There are events that shape our lives. Some events are personal, others are shared with friends. Few are shared with the world.

Lemoore native Tommie Smith’s moment, caught in the iconic image of him on the podium after winning the 200 meter event at the 1968 Olympic Games in Mexico City, made international headlines.

His black glove-covered fist raised in the air, his bowed head with the gold medal around his neck, the photo of Smith created a furor around the world. Many called it a black power salute, a statement of dissent and an insult to the United States.

The Civil Rights Act had just been signed. Martin Luther King had just been assassinated. Students were marching and protesting. A tent city of protesters in Washington, D.C., was erected. Riots and demonstrations raged across the country.

“Just about everybody was looking at [the 1968 Olympic games] and this was his moment,” said Dr. Ernie Smith, Lemoore resident and Tommie’s brother. “It was a moment of conscious thought and it was a moment of spontaneity that he did what he did... There was never any disrespect to the country intended.”

Here’s what Tommie thought about it being called a black power salute:

“Well, that black power salute, I don’t call it that I call it a victory stand salute. It wasn’t meant to be a big dissent act, only the thought of. ‘listen to me here is something I need to say, but I can’t say anything.’ You can interpret it the way you want to interpret it. But it is for the cause of human rights... I can’t talk radical stupid, but I did have something to say for the cause of human rights issues.”

The Sentinel talked with Tommie Smith, by phone, and Dr. Ernie Smith, in Lemoore, about the 1968 Olympics and the effect it’s had on the nation and their family.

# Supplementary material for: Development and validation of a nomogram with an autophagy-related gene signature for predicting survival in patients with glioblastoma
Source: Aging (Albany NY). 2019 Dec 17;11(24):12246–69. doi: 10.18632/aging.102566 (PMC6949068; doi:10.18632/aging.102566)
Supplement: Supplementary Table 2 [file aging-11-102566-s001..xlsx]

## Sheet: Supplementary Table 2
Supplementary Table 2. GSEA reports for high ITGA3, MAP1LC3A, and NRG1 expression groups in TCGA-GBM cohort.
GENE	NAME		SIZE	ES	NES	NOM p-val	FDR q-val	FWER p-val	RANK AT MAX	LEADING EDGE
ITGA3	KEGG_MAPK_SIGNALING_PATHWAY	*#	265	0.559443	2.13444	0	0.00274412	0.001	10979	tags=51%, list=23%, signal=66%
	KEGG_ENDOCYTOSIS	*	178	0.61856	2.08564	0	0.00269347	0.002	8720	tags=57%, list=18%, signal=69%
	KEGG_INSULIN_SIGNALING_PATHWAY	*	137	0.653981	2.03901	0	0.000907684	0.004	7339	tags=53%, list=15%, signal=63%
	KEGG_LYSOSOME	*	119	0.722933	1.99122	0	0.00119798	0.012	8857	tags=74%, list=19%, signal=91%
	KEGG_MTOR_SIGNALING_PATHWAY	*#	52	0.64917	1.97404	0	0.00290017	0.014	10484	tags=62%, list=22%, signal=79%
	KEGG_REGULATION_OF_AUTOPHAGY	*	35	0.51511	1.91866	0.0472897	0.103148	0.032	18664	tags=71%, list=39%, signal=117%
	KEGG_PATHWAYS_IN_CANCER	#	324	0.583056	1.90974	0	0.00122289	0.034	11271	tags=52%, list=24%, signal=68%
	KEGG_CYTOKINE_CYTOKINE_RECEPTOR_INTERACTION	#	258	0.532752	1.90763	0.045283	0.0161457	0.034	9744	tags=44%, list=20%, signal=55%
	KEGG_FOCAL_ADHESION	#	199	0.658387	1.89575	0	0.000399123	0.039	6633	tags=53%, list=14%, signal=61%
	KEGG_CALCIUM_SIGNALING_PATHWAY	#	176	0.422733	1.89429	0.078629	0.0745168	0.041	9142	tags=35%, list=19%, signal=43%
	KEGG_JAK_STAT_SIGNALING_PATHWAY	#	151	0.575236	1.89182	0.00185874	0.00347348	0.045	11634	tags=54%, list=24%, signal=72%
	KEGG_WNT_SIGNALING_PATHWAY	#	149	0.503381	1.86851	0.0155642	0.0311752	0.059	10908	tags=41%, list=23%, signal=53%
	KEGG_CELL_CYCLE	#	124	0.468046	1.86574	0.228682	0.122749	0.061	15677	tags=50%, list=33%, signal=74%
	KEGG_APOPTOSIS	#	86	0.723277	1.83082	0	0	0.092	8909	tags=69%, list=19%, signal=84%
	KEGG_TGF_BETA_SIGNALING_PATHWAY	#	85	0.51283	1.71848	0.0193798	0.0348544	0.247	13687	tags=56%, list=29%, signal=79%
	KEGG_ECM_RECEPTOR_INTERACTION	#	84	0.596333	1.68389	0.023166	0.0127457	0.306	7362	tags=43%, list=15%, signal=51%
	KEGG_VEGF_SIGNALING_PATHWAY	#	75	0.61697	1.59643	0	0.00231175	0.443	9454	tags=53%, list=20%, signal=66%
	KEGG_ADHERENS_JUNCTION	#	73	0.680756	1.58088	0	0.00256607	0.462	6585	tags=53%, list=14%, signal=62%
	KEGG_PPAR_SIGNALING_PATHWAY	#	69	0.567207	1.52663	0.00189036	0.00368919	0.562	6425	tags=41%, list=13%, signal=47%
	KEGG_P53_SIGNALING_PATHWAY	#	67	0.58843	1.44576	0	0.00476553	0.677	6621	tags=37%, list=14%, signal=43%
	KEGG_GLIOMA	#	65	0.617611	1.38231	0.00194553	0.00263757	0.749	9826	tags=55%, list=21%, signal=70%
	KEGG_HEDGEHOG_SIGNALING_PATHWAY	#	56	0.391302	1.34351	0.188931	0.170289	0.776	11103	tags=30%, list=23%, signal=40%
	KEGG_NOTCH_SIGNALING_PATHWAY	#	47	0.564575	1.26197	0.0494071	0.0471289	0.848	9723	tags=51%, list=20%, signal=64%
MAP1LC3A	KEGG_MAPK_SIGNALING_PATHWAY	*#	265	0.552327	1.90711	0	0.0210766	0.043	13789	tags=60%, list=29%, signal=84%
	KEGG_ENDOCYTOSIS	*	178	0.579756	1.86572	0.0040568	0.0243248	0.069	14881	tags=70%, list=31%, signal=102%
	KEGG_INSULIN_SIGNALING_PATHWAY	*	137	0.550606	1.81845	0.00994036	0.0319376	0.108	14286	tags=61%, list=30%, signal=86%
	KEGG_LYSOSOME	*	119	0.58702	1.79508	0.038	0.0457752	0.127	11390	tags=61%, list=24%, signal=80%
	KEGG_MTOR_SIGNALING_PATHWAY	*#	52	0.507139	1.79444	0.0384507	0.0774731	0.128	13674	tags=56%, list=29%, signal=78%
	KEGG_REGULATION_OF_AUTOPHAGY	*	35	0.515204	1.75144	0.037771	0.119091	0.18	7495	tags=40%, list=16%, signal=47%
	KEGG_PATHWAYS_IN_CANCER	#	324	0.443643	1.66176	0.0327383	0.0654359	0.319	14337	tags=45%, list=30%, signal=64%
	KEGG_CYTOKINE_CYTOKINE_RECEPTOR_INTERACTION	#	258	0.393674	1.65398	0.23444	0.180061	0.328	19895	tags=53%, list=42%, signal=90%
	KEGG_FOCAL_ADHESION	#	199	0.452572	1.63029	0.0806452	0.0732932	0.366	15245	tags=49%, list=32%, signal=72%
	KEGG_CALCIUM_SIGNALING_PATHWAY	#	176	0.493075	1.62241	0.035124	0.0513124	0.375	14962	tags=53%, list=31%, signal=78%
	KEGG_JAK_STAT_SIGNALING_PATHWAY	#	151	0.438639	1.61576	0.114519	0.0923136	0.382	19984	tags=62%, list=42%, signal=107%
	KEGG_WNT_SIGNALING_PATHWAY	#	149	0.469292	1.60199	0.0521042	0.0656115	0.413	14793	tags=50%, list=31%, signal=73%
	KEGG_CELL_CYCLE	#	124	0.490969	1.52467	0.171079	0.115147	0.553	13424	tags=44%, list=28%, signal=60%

Question: How difficult was it on you and your family after the 1968 games?

Tommie Smith: I don’t think the family knew what was going on and they received a lot of the hardships, and I feel sorry for that. But it did make a change... It was very difficult. I think it was as difficult for them as it was for me because I did it and they reaped the negative benefits of what I did... I cried a lot about that but what could I do? Sometimes you have to sacrifice. I’m not sure many people understood what I did was because of the need to make human equality viable.

Dr. Ernie Smith: We were able to deal with it through prayer. We’re a very religious family. Our parents didn’t believe in revenge. A package that was sent to our mom, we eventually found out who did it. Because he came and admitted it to my dad and wanted to clear his conscious. It was kind of like “before I die I need to get this off my chest” kind of thing. But my mom and dad never took any revenge. My parents taught us to do exactly what it says in the Bible: you pray for your enemy; you love your enemy. But that’s hard to do. But I think that the type of spiritual life that my parents led really is the biggest thing that helped them to deal with it.

By that time in 1968, I was at Oregon State on a track and football scholarship. So I wasn’t here and I didn’t feel some of the death threats that were here... But I was treated different up there as a result.